Because it’s not Ilene Chen that Ziyi is playing in that moment, the character we’ve seen across the rest of the movie so far. It’s a Doctor Chen: her twin sister, named in King of the Monster’s credits as Ling Chen.

She’s out in the rain, quietly watching over Mothra’s rebirth as an ethereal version of the kaiju’s iconic Toho theme swells into the soundtrack. That’s all there is to her appearance—the movie, bafflingly, just refers to her as Doctor Chen, and never addresses that she’s Ilene’s sister, so for a moment you suddenly think she’s learned how to teleport herself from place to place.

The film brushes past it as quickly as it brings it up, but it doesn’t really confirm anything until after the fact when at one point in the ongoing chase for the Orca, Ilene reveals to Mark that she is actually the latest in a long line of Chens who’ve worked for Monarch. Her grandmother and her mother, and their female siblings, all worked for the organisation prior, dedicating themselves to researching the mythos and history around Mothra’s slumber on Earth specifically.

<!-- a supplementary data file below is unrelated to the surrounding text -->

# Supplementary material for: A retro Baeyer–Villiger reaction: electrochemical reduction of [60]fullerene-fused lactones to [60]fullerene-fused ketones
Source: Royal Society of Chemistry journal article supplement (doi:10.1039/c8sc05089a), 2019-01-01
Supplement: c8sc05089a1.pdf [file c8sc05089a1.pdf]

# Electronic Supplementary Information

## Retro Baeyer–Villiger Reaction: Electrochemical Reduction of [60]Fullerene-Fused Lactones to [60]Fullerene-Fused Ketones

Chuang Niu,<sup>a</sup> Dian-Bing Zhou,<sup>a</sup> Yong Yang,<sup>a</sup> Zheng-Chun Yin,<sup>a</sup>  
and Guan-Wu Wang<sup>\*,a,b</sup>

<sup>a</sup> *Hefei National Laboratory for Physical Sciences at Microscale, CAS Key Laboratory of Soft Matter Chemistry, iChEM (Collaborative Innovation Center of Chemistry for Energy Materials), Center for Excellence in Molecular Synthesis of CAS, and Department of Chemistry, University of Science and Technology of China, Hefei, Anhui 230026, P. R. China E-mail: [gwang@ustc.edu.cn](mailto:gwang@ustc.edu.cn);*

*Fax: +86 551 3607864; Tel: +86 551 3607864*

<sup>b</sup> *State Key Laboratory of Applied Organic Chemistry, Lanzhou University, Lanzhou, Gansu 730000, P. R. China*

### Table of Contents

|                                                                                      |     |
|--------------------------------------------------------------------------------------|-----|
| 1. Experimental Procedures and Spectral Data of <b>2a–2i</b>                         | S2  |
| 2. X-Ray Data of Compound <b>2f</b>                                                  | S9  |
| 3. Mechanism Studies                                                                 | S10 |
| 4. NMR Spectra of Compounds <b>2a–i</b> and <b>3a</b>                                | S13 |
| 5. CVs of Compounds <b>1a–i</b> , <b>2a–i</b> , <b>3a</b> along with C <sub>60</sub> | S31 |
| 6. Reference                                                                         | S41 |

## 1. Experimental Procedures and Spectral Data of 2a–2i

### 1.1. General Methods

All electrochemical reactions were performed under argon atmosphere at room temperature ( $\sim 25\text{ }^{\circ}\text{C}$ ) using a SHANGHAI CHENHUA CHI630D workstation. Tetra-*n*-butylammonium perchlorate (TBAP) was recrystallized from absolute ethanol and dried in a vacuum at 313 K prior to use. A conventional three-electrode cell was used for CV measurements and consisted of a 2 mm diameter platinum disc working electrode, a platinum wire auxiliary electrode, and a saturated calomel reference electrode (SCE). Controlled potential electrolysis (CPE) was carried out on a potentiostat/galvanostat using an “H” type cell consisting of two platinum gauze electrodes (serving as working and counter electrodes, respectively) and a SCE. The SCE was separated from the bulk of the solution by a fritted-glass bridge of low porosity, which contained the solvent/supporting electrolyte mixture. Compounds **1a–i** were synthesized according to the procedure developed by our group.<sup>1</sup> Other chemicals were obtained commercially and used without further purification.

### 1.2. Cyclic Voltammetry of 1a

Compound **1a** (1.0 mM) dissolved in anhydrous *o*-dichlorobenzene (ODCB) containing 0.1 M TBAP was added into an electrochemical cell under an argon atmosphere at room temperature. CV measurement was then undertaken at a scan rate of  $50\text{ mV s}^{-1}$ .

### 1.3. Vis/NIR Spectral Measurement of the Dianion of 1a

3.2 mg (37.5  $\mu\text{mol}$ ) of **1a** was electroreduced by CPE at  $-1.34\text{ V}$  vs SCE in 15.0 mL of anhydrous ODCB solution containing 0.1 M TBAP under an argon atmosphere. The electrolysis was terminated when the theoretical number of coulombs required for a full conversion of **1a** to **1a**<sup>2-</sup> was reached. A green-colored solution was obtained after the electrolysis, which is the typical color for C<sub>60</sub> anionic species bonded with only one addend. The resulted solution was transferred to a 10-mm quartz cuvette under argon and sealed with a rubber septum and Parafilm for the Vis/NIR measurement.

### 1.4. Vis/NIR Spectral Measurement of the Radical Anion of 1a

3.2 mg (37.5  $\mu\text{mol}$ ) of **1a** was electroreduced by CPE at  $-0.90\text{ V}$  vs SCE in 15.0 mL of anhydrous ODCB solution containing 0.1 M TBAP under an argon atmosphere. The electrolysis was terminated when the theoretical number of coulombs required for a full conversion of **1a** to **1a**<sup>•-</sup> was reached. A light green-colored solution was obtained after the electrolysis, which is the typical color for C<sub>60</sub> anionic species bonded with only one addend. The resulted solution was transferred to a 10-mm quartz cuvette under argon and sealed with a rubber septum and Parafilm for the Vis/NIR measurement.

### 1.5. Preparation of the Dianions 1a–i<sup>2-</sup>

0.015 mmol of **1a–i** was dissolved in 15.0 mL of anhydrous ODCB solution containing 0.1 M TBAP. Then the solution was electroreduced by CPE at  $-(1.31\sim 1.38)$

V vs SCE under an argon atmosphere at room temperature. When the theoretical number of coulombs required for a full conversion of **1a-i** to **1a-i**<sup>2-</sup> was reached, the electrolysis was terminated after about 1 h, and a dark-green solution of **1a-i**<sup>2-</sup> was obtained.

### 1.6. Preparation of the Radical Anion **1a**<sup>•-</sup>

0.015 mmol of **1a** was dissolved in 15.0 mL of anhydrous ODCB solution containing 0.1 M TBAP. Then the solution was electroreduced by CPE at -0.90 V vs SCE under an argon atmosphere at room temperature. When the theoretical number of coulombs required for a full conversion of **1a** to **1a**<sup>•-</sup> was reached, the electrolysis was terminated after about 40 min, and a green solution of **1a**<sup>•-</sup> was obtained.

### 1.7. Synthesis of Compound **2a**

Back aboard the Argo Ilene shows Mark old family photos, pictures as being marked as taken on Infant Island—and you see an eerie similarity between the prior generations of Chens, beyond just being sisters, or mothers and daughters.

While it’s never explicitly acknowledged in the film, having a set of female twins so intimately linked to Mothra’s backstory and evolution in the movie is itself a subtle acknowledgment of over half a century of Toho moviemaking history.

The Shobijin in 2003"s Godzilla: Tokyo S.O.S. (Image: Toho)

Back in Mothra’s self-titled cinematic debut in 1961, the gigantic creature resides on the isolated Infant Island—but when a Japanese expedition lands on its shores, they discover miniature twin priestesses who act as both guardians and translators for the legendary beast: the Shobijin. The Shobijin have been a part of Mothra’s cinematic legacy from the beginning, and have appeared in nearly every one of Mothra’s movie appearances. Sometimes, they have different names: in Godzilla vs. Mothra, they’re called the Cosmos, sole survivors of an ancient civilisation destroyed in Mothra’s fight with its dark nemesis, Battra.